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The Progression of Muscle Cars

Muscle cars are the most exciting cars to drive because they have big, powerful engines and a sleek, bold look. Such iconic vehicles have continuously evolved from beloved classics to modern engineering marvels.

During the 1950s and 1960s, these cars became very popular and a part of American culture. These iconic automobiles—typically two-door coupes powered by large V8 engines—were designed for maximum performance and excellent handling at an affordable price.

During this era, the most iconic muscle cars to hit the roads included models from brands such as Ford’s Mustang, Pontiac’s GTO, Plymouth’s Road Runner, Dodge’s Charger, and many others. Some of these models featured powerful racing-inspired engines capable of producing over 400 horsepower.

As the years went on, automakers continued to upgrade their muscle car designs to keep up with the ever-evolving demand for speed and power from die-hard fans.

In this article, we’ll look at some of the most iconic muscle cars out there, so buckle up and let’s get started.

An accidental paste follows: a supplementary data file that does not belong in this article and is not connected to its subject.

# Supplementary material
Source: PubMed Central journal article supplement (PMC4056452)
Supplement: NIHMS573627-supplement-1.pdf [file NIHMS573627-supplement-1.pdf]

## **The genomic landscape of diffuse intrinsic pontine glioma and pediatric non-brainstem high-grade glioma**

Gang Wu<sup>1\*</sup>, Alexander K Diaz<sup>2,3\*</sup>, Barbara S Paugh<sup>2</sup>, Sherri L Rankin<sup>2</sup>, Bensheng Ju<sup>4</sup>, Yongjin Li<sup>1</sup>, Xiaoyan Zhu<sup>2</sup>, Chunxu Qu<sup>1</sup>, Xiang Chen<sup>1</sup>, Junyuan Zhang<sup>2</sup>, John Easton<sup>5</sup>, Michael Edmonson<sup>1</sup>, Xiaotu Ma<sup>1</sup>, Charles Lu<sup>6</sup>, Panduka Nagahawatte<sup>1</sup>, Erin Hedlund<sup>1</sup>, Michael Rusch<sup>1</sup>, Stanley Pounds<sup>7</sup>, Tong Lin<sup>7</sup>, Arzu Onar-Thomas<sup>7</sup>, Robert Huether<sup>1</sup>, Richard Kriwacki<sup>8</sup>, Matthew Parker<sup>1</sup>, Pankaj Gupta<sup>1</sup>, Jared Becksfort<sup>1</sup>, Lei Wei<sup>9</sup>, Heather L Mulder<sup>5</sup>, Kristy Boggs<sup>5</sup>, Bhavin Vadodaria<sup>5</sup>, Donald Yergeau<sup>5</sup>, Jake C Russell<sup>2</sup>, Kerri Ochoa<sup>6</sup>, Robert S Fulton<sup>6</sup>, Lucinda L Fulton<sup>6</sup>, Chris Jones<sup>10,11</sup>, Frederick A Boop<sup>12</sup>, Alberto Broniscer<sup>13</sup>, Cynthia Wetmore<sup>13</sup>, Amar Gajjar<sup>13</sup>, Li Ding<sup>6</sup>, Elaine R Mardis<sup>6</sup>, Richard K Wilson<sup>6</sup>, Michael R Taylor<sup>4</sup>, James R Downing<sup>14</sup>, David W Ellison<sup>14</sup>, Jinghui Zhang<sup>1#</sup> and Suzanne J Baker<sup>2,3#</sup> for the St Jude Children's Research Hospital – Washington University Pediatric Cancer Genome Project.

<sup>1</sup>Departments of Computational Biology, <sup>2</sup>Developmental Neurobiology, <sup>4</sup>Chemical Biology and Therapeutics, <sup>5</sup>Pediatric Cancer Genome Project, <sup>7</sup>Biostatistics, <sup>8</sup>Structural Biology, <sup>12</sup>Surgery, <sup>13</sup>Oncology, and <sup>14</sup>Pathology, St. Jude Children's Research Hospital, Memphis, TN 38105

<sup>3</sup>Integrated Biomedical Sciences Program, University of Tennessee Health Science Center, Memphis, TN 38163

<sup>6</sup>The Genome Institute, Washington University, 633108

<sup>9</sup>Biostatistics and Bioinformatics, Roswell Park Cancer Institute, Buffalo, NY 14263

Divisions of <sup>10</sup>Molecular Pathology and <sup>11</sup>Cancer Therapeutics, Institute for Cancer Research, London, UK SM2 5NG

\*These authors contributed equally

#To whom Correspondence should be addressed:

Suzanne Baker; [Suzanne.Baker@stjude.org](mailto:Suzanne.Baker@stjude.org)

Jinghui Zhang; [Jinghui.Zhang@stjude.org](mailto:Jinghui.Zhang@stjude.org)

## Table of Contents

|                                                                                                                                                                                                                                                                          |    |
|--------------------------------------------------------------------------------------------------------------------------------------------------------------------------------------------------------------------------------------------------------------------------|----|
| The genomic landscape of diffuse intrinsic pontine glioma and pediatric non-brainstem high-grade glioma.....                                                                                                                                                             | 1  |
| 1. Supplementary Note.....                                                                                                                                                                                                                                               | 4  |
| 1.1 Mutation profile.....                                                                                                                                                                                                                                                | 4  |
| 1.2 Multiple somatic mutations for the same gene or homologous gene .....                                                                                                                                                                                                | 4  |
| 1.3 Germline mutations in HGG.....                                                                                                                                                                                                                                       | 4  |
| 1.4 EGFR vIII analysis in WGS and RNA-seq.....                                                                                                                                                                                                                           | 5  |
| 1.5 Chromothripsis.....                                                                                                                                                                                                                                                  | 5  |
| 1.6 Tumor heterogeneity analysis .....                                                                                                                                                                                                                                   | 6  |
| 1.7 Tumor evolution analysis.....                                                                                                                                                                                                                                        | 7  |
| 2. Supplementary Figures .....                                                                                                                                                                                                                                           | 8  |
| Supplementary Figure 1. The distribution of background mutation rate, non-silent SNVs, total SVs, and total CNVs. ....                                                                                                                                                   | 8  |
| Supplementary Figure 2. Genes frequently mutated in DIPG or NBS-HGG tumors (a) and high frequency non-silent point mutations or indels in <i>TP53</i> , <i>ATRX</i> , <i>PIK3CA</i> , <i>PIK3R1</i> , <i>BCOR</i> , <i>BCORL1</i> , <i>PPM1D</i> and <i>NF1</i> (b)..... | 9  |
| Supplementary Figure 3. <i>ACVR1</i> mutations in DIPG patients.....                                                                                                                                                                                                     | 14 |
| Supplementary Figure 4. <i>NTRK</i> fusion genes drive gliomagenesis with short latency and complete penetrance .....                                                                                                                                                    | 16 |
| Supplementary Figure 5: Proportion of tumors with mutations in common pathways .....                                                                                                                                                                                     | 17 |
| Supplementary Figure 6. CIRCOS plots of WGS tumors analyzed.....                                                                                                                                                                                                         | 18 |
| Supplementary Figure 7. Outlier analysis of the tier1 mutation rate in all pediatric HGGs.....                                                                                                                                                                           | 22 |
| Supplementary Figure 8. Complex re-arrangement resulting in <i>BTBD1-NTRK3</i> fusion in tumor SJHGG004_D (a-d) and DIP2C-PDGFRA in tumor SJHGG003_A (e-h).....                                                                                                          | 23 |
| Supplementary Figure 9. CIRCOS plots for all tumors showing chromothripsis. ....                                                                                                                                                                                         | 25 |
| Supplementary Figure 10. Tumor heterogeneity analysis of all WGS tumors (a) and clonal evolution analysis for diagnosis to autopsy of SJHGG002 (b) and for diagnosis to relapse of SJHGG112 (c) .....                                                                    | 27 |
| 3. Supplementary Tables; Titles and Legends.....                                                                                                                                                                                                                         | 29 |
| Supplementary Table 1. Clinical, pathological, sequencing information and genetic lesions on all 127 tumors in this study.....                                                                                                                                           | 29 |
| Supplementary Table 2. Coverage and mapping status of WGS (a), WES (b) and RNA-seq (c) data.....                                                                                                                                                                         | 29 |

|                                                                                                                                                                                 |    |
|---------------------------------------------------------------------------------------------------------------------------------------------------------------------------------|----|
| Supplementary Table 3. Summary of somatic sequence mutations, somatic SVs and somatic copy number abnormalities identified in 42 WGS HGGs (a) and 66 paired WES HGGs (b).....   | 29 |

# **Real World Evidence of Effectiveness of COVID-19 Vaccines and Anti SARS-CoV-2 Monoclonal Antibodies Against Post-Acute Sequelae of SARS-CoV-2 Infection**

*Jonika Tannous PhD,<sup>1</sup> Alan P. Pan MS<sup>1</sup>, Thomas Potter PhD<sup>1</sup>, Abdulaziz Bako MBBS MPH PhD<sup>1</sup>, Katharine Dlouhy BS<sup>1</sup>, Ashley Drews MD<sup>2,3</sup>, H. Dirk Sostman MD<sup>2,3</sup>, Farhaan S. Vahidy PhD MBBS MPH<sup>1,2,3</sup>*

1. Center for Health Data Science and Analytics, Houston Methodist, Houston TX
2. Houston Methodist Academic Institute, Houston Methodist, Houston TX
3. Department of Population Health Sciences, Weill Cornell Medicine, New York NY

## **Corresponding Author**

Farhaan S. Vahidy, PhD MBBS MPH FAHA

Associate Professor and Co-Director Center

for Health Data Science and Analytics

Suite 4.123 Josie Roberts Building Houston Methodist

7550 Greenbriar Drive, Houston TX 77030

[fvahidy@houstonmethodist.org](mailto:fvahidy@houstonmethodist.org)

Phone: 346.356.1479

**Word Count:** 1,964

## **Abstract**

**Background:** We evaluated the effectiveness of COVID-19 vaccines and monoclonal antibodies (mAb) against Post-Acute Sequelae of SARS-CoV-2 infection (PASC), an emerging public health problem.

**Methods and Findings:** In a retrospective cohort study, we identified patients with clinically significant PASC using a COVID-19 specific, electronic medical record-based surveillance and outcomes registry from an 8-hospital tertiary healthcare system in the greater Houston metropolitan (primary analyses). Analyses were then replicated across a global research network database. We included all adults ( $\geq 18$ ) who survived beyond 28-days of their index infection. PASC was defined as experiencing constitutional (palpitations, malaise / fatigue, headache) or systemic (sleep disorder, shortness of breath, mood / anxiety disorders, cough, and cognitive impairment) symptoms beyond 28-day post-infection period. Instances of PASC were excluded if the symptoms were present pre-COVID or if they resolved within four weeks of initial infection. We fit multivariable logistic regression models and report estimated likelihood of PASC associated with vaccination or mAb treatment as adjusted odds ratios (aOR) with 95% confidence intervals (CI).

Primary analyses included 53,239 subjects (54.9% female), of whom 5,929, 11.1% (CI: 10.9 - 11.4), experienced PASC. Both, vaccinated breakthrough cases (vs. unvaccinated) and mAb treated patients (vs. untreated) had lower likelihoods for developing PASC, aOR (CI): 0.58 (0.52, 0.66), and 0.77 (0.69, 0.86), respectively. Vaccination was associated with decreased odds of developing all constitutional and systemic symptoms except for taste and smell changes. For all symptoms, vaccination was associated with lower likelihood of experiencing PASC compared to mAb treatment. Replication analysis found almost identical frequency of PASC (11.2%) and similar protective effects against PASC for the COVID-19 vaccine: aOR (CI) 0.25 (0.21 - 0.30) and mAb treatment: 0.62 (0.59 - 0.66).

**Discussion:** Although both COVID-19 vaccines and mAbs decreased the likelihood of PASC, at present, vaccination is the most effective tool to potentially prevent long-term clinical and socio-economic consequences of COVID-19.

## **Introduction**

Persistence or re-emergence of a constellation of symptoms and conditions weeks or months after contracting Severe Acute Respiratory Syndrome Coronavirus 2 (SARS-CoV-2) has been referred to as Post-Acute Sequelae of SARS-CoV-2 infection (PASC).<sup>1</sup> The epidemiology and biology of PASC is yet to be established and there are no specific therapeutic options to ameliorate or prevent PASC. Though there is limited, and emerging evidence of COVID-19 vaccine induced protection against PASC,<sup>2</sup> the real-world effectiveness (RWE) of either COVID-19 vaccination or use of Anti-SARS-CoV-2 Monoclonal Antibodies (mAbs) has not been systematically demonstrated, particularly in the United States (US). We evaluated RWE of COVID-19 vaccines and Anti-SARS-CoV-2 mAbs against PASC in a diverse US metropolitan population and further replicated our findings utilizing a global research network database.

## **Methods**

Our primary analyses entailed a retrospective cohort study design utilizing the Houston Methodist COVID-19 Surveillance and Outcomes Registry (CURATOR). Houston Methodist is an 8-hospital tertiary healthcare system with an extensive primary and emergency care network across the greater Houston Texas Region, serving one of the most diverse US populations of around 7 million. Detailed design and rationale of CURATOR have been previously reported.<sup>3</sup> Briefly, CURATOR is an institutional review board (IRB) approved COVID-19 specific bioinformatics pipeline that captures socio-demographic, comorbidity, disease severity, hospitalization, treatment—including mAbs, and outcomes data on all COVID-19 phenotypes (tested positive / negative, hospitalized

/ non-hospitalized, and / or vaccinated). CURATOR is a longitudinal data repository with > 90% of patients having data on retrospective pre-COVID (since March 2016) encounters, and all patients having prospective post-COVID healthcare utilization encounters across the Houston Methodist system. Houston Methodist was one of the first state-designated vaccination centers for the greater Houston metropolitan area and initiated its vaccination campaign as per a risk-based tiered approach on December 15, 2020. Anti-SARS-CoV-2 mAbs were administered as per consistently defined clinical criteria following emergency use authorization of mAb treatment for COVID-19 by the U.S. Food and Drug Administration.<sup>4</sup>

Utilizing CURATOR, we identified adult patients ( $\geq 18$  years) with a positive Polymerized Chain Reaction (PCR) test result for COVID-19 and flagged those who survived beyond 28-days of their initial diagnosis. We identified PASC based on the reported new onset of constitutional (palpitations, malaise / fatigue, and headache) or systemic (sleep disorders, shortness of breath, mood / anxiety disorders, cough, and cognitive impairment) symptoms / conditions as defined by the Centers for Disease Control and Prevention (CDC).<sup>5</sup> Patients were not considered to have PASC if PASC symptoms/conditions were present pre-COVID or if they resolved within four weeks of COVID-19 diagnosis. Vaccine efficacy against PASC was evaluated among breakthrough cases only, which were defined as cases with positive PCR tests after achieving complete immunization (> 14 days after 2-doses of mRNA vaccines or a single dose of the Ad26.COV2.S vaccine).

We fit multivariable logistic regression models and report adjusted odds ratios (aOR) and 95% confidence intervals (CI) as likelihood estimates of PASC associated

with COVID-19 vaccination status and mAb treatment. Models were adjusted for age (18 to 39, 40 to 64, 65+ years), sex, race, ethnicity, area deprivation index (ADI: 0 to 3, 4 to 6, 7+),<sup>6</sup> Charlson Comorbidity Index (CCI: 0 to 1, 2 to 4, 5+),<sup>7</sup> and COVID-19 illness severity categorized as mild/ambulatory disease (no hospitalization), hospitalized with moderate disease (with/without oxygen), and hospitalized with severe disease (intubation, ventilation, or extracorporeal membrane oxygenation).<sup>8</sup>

Dodge Dart 1962

The 1962 Dodge Dart model was an iconic car in the muscle car movement of the 1960s. It has a powerful V8 engine and can reach over 100 miles per hour. Moreover, this two-door fastback has an aggressive look that makes it stand out on the roads.

At the same time, its two-door design provided plenty of elbow room for both the driver and passengers. Furthermore, the interior featured bold lines and statement fabrics, creating an eye-catching contrast with the building’s powerful exterior.

The Dodge Dart 1962 was thought of as one of the most muscular or “muscle cars” of its day and a symbol of the power and masculinity associated with driving in this era!

Ford’s Mustang 1964

Ford’s 1964 Mustang was a huge success, selling over one million units in its first year. This two-door coupe sported an aerodynamic, fastback design that made it look sleek and stylish on the roads. Its 6- or 8-cylinder engine was capable of producing up to 210 horsepower, making this car a true beast on the roads.

Not only did it have a powerful engine, but its interior was also luxurious and comfortable, with its signature white leather seats and wood-grain dashboard. Also, this car had an independent rear suspension, making it easy to drive for people who liked making sharp turns.

The 1964 Mustang is still considered one of the most famous muscle cars and is still a popular model among people who like classic cars.

Pontiac GTO 1963-76

The Pontiac GTO was a classic muscle car from 1963 to 1976. It is still a well-known car from that time. It’s hard to deny how much of a cultural touchstone and representative of a revolutionary car style it has become.

A classic in engineering and design, this two-door coupe was nothing short of innovative regarding speed and performance; acceleration from 0 to 60 mph only took 6.5 seconds, making this one of the fastest production cars around at the time.